PSF was significantly related to walk scores (and particularly the number of steps) in four studies [23, 35, 42, 105] but not in three other studies [21, 56, 106]. PSF was not correlated with walking speed [56, 70, 107, 108] or upper or lower limb functioning [21, 23], except in one study [109]. Five studies observed correlations with balance, motor control and aerobic fitness [42, 70, 83, 110, 111], although six others did not demonstrate significant differences [23, 47, 55, 56, 70, 112]. However, this kind of measurement (gait, balance, etc.) might be more closely correlated with physical fatigue than with general or mental fatigue [18].

Recently, a study investigated the relationship between motor cortex excitability (measured following transcranial magnetic stimulation) and fatigue in stroke patients with minimal impairments [113]. Patients with high levels of fatigue exhibited higher motor thresholds, and those who perceived high physical efforts displayed low excitability of the inputs that drive motor cortex output. The researchers suggested that PSF might result from a difference between the effort produced by the patient and the actual motor output [113].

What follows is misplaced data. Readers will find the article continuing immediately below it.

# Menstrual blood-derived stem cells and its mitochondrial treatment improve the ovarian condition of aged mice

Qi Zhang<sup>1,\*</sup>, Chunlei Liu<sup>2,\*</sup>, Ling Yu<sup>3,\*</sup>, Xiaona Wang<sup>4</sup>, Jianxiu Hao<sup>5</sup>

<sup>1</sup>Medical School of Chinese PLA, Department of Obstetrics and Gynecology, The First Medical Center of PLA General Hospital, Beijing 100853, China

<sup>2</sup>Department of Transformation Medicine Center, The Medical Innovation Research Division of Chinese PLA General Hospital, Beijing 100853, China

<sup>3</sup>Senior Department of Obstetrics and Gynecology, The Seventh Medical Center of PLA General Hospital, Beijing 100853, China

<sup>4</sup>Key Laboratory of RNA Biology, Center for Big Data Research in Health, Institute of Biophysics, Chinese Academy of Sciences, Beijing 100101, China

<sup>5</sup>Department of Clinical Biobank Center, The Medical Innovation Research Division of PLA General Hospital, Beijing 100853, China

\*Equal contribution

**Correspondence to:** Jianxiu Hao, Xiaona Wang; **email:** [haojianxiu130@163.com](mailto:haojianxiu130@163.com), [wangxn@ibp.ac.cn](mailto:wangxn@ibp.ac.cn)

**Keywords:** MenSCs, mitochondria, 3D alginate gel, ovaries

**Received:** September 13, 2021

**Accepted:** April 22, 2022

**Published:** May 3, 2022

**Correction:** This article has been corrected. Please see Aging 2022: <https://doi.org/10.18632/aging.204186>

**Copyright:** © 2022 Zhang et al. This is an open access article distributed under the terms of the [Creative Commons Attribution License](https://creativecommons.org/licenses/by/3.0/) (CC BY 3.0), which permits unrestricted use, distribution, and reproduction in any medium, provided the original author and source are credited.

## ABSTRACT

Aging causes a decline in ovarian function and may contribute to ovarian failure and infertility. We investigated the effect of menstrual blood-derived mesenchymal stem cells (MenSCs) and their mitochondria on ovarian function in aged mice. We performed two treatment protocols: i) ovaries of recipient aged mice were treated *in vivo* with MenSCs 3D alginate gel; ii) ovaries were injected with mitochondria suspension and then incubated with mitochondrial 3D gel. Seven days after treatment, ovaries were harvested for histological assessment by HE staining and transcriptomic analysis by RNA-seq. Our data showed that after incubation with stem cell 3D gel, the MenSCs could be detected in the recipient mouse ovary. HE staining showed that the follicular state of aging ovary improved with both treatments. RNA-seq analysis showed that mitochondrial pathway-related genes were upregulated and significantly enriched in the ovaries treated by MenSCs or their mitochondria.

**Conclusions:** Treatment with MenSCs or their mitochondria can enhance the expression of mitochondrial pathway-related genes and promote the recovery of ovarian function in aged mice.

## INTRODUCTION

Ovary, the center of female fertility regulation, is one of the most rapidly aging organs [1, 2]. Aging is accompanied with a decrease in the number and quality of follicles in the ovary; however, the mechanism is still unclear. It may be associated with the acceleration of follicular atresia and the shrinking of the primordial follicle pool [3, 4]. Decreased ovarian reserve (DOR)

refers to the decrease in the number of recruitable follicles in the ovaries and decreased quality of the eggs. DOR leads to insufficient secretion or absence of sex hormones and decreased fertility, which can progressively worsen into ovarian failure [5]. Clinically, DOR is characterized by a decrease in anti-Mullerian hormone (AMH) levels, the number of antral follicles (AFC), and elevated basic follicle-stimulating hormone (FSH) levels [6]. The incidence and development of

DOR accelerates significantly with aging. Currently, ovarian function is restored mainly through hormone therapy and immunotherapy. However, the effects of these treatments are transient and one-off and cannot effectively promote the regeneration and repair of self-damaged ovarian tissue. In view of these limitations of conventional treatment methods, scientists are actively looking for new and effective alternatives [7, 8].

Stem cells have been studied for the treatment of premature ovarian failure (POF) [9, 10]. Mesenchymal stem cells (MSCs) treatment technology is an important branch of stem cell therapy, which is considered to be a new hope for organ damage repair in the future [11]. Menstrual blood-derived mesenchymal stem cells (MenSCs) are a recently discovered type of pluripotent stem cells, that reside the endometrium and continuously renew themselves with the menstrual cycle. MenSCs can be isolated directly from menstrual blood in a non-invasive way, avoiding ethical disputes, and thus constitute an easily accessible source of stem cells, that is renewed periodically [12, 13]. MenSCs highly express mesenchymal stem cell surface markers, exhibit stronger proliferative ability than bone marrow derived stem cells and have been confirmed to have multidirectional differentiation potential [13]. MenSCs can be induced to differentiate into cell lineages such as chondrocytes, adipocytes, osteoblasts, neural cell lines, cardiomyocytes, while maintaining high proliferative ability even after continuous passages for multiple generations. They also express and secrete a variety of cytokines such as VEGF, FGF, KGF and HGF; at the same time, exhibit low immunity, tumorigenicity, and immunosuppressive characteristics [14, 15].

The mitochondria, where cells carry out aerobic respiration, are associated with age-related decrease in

Physical deconditioning is a promising hypothesis in terms of rehabilitation: physical reconditioning therapies are based on the idea that maximizing activity and mobility could increase force and endurance and thus reduce PSF [86]. Physical fatigue scales and objective measurements (e.g., electromyography) are better indicators of fatigue related to physical condition but were not the focus of our review.

6.4. Biological Factors